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Going Out With a Bang & a Bleep

By Tom Shales
Monday, September 17, 2007

A surprise win for the comedy series "30 Rock," a rousing farewell to "The Sopranos" (including an Emmy for best drama series) and a moving tribute to the classic miniseries "Roots" elevated the 59th Primetime Emmy Awards on the Fox network last night -- but three instances of government-mandated censorship brought it down again.

Early in the program, comic actor Ray Romano and actress Katherine Heigl were both cut off when they apparently used four-letter words in remarks. The performers suddenly vanished for a few seconds and were replaced by static shots from elsewhere in Los Angeles's Shrine Auditorium, where the telecast originated. The program was on time-delay, which gives networks the opportunity to edit live shows.

An arguably obscene word uttered even spontaneously can earn a network and even performers enormous fines from the Federal Communications Commission, re-activated as a national censor under the Bush administration.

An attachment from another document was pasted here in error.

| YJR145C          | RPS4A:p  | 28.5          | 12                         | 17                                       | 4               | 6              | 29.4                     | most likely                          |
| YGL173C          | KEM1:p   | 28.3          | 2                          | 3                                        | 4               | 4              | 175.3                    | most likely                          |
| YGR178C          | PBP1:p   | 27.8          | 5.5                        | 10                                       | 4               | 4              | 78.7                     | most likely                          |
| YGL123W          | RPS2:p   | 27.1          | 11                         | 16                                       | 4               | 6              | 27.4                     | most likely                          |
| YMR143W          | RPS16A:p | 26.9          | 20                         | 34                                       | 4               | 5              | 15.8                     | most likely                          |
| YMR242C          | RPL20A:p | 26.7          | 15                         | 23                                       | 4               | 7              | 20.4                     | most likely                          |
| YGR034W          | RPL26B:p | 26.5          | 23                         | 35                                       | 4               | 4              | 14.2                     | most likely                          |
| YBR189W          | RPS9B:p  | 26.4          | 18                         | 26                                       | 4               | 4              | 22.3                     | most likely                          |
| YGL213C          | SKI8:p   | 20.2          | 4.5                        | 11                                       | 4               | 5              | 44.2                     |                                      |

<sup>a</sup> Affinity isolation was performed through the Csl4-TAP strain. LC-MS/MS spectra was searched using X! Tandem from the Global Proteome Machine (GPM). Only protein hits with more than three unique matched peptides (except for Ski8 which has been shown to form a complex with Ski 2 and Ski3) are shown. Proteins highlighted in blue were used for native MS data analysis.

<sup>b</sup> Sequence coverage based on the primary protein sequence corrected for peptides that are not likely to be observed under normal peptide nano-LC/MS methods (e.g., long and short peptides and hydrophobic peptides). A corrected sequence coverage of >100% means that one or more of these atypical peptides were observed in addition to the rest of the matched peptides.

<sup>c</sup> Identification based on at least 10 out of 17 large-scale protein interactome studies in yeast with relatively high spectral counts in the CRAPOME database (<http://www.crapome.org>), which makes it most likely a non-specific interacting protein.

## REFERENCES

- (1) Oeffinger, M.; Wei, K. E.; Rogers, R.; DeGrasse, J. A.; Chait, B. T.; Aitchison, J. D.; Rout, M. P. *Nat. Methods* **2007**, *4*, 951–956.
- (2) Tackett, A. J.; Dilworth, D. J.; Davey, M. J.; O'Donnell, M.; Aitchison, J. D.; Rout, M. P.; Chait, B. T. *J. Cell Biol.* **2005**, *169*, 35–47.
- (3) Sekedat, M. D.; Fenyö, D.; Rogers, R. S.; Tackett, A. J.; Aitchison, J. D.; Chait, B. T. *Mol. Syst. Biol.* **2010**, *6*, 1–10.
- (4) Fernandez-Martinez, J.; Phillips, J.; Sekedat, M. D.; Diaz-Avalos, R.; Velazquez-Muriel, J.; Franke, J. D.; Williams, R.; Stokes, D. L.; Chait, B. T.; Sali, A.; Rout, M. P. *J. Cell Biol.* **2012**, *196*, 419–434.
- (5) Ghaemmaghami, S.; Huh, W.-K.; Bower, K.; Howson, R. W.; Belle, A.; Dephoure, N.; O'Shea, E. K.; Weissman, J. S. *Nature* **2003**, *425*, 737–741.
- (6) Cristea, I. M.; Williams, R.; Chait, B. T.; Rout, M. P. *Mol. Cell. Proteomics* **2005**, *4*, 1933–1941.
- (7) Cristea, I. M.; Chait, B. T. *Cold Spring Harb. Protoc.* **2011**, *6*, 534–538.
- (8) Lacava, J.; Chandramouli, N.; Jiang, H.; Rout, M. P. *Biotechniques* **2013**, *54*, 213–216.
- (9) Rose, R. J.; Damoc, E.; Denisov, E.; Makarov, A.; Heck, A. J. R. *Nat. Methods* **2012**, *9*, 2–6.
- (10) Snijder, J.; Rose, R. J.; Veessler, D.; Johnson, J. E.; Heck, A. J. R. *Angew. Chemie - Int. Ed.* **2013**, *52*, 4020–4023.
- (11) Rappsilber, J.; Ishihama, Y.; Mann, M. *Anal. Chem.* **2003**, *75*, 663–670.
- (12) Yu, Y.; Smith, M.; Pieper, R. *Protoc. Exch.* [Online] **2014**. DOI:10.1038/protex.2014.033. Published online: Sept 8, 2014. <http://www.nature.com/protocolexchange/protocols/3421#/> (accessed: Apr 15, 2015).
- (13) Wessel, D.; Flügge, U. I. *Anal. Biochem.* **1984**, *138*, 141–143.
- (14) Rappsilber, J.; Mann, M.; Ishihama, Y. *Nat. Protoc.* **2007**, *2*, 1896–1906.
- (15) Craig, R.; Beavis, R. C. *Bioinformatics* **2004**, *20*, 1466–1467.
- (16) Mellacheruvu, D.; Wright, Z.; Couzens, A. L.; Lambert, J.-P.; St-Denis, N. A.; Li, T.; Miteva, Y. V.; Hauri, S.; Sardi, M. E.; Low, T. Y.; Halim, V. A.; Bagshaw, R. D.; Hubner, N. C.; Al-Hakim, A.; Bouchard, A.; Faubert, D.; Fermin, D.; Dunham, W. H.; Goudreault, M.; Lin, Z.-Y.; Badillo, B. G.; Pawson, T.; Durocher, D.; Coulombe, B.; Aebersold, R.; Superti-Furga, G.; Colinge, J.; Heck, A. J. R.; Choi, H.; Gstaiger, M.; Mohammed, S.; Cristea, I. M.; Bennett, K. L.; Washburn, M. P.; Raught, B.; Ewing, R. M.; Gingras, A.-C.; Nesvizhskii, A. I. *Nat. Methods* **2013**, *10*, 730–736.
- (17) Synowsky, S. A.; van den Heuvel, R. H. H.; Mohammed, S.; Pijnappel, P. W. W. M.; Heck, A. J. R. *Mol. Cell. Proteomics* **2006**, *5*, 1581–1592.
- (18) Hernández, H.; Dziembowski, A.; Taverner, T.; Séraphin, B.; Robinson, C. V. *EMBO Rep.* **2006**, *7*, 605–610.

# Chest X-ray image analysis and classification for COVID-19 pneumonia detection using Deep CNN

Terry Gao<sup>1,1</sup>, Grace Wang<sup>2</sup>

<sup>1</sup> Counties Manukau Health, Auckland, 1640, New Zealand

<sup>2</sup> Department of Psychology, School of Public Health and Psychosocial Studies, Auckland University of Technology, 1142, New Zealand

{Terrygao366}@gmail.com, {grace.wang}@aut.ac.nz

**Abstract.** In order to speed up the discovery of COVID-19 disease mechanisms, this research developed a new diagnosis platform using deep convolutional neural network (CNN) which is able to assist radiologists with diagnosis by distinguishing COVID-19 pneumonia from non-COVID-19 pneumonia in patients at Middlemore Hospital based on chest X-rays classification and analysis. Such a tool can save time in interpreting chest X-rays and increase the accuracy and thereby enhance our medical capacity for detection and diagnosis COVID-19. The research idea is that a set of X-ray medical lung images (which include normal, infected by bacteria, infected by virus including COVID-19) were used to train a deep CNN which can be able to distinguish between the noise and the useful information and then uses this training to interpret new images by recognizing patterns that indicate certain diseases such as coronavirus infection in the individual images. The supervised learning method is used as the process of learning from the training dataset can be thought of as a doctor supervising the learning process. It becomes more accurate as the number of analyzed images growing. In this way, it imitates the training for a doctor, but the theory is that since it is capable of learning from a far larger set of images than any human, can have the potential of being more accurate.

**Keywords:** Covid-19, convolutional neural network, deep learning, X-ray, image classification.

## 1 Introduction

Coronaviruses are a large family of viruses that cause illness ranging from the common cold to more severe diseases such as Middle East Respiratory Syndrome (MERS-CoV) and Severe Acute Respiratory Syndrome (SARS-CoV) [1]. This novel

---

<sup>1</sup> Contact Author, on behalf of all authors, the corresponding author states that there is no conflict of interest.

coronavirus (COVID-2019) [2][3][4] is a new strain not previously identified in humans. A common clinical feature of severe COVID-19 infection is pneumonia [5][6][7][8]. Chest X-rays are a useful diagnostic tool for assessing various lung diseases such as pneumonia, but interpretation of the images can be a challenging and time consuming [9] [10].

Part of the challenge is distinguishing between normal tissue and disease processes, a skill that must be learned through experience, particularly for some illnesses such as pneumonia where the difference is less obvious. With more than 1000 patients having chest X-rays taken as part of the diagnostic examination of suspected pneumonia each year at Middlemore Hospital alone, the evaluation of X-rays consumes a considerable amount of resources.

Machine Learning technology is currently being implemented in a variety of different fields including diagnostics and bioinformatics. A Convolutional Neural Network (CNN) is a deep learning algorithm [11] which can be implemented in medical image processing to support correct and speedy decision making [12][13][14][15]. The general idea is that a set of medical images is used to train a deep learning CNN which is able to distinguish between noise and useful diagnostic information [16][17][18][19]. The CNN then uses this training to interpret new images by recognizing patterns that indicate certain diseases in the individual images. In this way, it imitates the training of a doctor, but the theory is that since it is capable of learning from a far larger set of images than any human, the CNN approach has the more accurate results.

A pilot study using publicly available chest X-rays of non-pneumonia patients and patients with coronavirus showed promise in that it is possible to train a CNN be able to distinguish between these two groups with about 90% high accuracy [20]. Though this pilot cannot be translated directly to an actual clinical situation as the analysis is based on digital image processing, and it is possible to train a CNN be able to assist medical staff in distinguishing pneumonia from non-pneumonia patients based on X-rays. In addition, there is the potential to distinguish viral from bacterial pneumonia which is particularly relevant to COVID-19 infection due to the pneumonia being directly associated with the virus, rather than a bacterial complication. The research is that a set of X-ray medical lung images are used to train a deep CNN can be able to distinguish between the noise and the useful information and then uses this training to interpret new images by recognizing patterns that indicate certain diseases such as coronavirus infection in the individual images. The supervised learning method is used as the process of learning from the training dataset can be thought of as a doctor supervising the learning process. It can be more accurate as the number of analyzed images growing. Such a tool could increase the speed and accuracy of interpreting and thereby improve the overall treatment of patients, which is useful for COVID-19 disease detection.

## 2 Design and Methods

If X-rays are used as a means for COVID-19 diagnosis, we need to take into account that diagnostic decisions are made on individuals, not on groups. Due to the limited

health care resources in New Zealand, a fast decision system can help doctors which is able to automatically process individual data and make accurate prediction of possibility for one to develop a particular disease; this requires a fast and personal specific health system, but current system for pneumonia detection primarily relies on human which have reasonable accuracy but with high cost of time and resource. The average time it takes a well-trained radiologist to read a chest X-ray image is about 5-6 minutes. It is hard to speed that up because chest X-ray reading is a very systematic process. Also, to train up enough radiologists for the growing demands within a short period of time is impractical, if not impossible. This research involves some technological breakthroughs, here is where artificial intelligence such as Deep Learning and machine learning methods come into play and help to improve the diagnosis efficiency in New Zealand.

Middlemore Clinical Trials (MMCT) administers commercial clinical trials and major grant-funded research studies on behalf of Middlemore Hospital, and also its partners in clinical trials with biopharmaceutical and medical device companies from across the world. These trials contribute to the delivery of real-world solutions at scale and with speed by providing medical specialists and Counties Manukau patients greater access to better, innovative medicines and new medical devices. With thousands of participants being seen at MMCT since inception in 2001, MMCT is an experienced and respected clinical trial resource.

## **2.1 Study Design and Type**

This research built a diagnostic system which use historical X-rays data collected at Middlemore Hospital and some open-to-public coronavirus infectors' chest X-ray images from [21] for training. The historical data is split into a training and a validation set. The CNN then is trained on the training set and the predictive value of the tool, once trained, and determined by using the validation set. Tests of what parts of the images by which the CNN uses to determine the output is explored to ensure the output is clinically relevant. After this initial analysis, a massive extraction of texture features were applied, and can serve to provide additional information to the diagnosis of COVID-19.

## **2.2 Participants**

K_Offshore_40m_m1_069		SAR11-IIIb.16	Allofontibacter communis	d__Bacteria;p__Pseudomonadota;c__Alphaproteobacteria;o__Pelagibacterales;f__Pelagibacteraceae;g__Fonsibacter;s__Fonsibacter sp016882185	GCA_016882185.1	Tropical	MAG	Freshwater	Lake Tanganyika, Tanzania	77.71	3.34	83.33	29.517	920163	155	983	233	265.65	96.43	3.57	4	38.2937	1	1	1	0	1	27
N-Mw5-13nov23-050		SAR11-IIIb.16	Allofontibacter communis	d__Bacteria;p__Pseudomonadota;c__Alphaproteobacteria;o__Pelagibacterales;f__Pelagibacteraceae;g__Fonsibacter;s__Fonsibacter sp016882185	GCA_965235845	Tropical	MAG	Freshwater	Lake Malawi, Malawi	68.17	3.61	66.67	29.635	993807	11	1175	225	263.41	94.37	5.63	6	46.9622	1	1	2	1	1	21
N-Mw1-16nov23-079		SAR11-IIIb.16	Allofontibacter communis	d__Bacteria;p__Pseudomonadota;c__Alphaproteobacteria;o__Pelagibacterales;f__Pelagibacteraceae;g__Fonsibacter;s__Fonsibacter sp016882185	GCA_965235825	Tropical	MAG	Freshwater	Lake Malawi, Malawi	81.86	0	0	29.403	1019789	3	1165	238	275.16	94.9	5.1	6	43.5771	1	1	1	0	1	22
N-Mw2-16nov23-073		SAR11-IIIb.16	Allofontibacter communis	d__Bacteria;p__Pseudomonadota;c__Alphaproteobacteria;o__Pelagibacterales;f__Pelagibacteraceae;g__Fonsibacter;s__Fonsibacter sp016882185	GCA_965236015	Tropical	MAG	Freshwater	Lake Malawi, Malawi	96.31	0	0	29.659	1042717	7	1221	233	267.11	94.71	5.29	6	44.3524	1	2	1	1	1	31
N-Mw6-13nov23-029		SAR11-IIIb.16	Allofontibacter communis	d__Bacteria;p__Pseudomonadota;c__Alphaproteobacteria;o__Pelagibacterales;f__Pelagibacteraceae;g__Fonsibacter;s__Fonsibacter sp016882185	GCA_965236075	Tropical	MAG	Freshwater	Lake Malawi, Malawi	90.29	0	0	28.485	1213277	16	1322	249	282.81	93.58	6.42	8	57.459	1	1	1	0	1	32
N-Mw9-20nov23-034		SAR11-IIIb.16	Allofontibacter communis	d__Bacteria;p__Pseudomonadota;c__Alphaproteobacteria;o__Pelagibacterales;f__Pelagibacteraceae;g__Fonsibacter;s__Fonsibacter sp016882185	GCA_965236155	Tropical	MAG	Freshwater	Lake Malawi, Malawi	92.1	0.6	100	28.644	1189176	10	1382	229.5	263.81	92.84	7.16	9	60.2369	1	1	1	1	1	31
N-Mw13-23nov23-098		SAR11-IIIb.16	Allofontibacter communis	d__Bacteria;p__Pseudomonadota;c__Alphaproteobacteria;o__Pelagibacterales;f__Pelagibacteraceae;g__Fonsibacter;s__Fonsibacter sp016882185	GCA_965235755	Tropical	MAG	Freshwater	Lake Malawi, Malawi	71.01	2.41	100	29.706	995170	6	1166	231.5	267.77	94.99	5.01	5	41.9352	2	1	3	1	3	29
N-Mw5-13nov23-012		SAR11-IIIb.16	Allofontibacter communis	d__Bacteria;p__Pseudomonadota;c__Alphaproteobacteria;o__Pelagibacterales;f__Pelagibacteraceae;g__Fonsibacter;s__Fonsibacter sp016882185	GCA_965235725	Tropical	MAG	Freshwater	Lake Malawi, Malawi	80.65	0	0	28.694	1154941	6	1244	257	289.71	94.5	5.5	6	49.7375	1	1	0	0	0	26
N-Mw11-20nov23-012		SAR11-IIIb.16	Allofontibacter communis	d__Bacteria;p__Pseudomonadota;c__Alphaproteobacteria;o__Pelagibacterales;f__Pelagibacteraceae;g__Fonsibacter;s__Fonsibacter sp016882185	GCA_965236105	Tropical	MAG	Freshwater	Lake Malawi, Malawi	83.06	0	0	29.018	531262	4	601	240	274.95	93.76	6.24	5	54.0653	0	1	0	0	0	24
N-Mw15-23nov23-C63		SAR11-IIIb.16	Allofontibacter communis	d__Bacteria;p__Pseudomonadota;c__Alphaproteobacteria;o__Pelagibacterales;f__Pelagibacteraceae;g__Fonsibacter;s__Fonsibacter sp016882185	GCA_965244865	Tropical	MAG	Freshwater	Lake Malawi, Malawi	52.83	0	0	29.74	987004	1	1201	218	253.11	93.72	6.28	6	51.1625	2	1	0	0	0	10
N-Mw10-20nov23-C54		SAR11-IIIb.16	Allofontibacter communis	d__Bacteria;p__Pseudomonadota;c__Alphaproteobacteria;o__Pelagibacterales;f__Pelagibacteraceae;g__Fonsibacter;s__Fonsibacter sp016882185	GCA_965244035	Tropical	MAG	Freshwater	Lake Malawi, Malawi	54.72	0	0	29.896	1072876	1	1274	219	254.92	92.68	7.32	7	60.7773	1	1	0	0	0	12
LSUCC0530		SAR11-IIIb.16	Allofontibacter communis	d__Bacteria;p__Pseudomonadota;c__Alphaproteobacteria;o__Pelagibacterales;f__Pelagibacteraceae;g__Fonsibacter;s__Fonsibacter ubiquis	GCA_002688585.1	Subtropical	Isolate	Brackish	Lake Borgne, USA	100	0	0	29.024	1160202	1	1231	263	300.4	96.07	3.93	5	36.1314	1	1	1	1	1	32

The third instance of censorship may have been political. Sally Field, making one of her long and rambling acceptance speeches (winning for best actress in a drama on "Brothers & Sisters"), was interrupted by silence when she used a God-related swear word in voicing antiwar sentiments. According to the Associated Press, she said, "If the mothers ruled the world, there would be no [expletive] wars in the first place."

If Fox censored Field for political reason, it would be an ugly first in the history of the Emmys.

Presenter Brad Garrett made smutty remarks from the stage earlier in the evening but he didn't use any forbidden words, so he survived uncut.

The evening was almost a shutout for CBS, which won only one Emmy among those given out last night -- "The Amazing Race" was chosen best reality competition. Otherwise ABC won six Emmys, NBC (the lowest-rated network last season) seven, HBO six and three to PBS (all for the imported miniseries "Prime Suspect: The Final Act").